For the last few weeks I've commuted into the city a couple of days a week and I've noticed a strange thing happening when I get home and upload the ride to Strava.
Here's todays ride:
It would appear that during the day the CBD has risen by 85m! Is my Garmin buggered or is something strange going on?
you might find riding along different sections of the road can actually make the GPS read at different gradients / metres
If your Garmin device does not have enough time between starting the unit and starting the ride the elevation may be incorrect. I once did a ride along the beach and was riding at 50m below sea level.
If you continually start your rides at the same location it is recommended that you use elevation set points. I have set elevation points for my home and work. When you start your Garmin this will set the elevation to that value. It ensures the unit starts at the correct altitude. If you have a Garmin 500 use Menu/GPS/Set elevation. For this to work correctly you need to ensure that the Garmin device be given sufficient time and satellites to ensure an accurate triangulation of the elevation.
I'll try setting elevation points and/or recording the commute as two separate rides. Thanks for your responses.
Coming in late on this, but have you tried this ?
Isn't it set by barometric pressure? On Garmin Connect when you've uploaded it you can enable elevation correction on the lower right hand side but that is on the uploaded data. The same uncorrected data would be uploaded to Strava.
I would also set the elevation points of some known locations.
You're right but I think more specifically barometric pressure is used to show the gradient - or as you say the change in altitude.
You'd think with GPS is would measure it by time spent pinging satellites.
The Garmin units only use a barometric altimeter. Measuring altitude using GPS on almost all consumer GPS units can be wildly inaccurate. It's important to make sure the holes on the back of the unit are clean and unobstructed and as everyone else has said, changes in air pressure during the day as high or low pressure air moves over your location can lead to altitudes that clearly don't make sense.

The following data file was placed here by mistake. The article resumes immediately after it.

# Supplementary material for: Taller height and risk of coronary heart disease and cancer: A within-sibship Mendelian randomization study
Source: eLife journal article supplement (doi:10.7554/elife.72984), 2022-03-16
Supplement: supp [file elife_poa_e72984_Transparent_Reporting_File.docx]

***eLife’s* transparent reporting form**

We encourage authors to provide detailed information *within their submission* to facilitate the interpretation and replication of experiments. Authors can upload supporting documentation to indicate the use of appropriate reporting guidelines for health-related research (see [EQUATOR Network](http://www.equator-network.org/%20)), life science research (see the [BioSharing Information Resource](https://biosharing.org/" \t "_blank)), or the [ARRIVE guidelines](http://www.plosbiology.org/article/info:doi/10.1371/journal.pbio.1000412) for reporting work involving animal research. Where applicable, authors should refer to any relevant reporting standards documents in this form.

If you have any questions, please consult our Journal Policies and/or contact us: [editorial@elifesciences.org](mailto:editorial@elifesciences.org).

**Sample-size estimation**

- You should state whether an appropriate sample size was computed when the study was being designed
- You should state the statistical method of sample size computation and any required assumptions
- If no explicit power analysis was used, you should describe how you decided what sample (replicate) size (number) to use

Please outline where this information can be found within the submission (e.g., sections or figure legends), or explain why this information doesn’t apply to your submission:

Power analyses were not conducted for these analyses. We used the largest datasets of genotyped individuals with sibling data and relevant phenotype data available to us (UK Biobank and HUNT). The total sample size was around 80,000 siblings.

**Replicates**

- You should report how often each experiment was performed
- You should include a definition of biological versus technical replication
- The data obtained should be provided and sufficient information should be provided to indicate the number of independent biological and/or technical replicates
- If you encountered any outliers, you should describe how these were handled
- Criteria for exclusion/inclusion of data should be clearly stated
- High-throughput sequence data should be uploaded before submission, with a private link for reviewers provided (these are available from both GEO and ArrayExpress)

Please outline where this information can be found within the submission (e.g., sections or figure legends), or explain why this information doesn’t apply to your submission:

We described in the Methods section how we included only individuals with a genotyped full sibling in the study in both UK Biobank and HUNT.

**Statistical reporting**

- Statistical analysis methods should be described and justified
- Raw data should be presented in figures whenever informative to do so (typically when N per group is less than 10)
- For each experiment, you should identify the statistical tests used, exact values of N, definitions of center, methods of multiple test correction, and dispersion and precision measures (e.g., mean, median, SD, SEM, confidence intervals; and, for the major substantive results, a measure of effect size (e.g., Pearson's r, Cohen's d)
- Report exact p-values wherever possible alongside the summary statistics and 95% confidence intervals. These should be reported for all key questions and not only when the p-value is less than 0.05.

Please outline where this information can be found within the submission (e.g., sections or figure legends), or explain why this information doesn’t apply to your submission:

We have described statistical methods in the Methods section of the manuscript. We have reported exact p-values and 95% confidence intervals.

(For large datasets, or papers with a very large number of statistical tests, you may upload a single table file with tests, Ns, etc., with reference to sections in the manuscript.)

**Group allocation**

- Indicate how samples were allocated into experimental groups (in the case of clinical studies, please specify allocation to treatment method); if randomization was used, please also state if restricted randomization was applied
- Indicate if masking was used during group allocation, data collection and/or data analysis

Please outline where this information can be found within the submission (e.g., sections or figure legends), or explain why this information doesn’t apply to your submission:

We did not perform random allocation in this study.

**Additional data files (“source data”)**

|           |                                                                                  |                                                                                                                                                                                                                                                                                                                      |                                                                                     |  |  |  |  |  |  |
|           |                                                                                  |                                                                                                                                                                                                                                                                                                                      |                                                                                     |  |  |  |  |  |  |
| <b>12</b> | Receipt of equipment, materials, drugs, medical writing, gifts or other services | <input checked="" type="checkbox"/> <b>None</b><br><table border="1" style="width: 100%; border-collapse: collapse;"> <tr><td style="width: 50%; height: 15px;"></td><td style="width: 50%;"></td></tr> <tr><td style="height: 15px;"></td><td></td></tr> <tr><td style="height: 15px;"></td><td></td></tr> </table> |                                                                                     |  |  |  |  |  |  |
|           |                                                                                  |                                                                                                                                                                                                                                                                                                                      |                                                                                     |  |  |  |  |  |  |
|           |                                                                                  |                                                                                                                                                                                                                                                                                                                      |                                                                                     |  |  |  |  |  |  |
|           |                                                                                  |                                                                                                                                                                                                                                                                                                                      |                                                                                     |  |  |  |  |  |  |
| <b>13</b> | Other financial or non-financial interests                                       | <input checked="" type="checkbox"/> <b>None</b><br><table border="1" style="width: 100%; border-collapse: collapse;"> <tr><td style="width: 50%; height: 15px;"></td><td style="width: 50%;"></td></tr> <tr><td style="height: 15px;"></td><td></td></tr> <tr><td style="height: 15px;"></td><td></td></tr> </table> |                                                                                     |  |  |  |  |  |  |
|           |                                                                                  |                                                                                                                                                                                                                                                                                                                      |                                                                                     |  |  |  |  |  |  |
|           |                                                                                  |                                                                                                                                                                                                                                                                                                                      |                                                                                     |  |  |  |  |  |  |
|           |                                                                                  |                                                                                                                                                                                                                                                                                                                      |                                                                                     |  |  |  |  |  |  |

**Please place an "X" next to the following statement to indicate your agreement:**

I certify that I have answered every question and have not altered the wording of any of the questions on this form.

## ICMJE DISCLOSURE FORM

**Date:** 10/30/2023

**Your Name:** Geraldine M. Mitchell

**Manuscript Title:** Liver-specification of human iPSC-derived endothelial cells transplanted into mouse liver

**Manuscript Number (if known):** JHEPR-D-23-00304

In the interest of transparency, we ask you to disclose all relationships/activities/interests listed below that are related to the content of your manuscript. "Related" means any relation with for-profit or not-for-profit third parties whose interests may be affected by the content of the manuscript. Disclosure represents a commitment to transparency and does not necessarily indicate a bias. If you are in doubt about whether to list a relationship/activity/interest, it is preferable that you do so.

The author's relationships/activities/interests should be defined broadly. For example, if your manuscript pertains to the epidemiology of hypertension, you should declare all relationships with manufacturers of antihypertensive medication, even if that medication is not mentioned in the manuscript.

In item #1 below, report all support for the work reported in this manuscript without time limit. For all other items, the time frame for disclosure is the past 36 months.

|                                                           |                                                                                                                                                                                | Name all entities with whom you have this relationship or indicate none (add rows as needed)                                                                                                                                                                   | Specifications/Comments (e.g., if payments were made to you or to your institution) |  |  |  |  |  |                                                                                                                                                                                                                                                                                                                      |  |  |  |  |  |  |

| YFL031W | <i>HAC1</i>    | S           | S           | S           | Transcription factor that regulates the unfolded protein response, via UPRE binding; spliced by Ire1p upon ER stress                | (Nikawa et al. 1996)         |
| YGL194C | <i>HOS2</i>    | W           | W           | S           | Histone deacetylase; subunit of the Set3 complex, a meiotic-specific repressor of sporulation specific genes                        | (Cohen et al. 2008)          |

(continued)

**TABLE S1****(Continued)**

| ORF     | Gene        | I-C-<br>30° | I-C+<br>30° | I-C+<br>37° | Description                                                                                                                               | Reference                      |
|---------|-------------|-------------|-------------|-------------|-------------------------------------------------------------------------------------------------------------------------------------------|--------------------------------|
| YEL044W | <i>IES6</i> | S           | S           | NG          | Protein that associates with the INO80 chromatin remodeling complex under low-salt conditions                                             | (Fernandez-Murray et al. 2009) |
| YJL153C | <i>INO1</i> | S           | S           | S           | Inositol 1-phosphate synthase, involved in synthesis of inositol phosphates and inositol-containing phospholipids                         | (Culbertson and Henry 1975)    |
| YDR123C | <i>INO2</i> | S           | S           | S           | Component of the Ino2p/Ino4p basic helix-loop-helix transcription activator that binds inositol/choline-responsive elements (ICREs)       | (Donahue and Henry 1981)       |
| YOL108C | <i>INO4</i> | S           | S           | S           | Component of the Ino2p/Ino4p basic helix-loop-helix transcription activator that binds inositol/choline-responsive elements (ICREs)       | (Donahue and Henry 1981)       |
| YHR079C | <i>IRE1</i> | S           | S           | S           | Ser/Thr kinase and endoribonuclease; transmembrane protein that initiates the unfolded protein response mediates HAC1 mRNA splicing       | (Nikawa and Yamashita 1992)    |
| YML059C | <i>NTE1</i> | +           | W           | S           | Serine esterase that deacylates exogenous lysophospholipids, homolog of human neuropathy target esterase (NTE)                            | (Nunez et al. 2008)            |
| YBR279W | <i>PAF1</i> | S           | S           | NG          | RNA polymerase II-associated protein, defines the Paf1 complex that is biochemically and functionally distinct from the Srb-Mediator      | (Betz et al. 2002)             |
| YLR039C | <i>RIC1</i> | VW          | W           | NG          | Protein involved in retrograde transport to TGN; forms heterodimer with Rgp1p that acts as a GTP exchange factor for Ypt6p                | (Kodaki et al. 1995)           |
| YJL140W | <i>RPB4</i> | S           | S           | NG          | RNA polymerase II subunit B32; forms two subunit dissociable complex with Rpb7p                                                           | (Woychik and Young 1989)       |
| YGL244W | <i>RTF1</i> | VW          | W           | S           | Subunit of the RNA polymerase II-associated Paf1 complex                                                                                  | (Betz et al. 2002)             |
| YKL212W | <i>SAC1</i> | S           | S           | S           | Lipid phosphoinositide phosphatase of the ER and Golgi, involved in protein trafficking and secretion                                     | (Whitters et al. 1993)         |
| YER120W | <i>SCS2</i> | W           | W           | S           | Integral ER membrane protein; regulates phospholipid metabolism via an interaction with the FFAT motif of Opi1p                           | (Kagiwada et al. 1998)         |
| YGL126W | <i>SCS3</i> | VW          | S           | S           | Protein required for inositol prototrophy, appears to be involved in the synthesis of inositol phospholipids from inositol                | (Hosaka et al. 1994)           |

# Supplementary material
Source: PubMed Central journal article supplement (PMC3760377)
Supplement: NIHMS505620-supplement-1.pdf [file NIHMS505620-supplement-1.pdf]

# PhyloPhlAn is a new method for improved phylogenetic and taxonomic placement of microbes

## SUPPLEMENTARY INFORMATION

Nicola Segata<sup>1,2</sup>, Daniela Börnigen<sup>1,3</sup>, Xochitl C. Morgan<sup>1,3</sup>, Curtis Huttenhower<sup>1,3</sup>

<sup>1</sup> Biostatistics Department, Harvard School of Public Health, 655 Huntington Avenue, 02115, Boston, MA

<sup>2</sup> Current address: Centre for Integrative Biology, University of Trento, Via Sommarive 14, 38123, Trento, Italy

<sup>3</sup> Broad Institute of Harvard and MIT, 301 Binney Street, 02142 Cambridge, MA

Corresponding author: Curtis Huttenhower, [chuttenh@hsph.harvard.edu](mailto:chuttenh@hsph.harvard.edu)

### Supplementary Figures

On the Garmin Edge you can only enter an Elevation Point (to calibrate the altimeter) for the beginning of your ride, not for other locations that you might stop at during the ride (for example if you stop at Mt Lofty in the middle of the ride you can't then set the altitude without stopping the Garmin and then restarting it).
Elevation correction on the Garmin Connect site is really only necessary for data imported from a device that doesn't use a barometric altimeter. If you want the most accurate elevation data from the Garmin Edge, use an Elevation Point at the start of your ride (you can load up to 10).
A well known issue, and all to do with geometry. I once spent a cycling holiday, with a companion who knew all about GPSs having studied surveyign at uni. I don't remember much about the country we rode through .. but do remember a lot, about GPSs.
I'll try to explain.
To get height accurate, the GPS needs a a good spread of satellites. Some high in the sky almost overhead. Some low down, on the horizon. Some in front, some behind, some to your left, some to your right.
In the CDB, the buildiings cut out the low satellites . All the GPS can hear, are satellites overhead. And because of that, that is what makes height particuarly inaccurate.
I think Garmin used to quote within 5 m for horizontal distance, but within 25 for vertical, and that's assuming a clear view of all the sky. If you only have clear view of one part of the sky - when the GPS tries to measure altitude, it won't even be able to get it within 25 m. Might be morer like within 100 or 200.
I'll try to explain the geometry - problem is same, if you are navigating a yacht, taking compass bearings off landmarks, and plotting your position on a chart.
Any fule no, - you need three bearings to fix your position. The three lines, define a triangle, you are somewhere within that.
If your land-marks are spread widely over 360 degrees - ie you sight one thing ahead, another behind, a third to your right - the triangle is same length all sides. So you know where you are left to right along the coast. Also how near/far from land you are
If you can only sight things ahead - triangle is same width, but extra long . It is stretched out, in the direction away from land, out to sea. Measure it several times, you get the same answer for how far out to sea you are.
With GPS is exactly the same principle. Except instead of landmarks ahead of you, and you working out distance out to sea. The "landmarks" (satellites) are now overhead, and you work out distance up or down ie altitude.
Anyone wants more detail - you need to buy me a coffee, and bring a pencil and notepad.....
Well that makes sense, I'm surrounded by tall buildings when I come out of work, and it does struggle to initially pick up a signal. It's probably worth setting my workplace as a start point so it knows the elevation.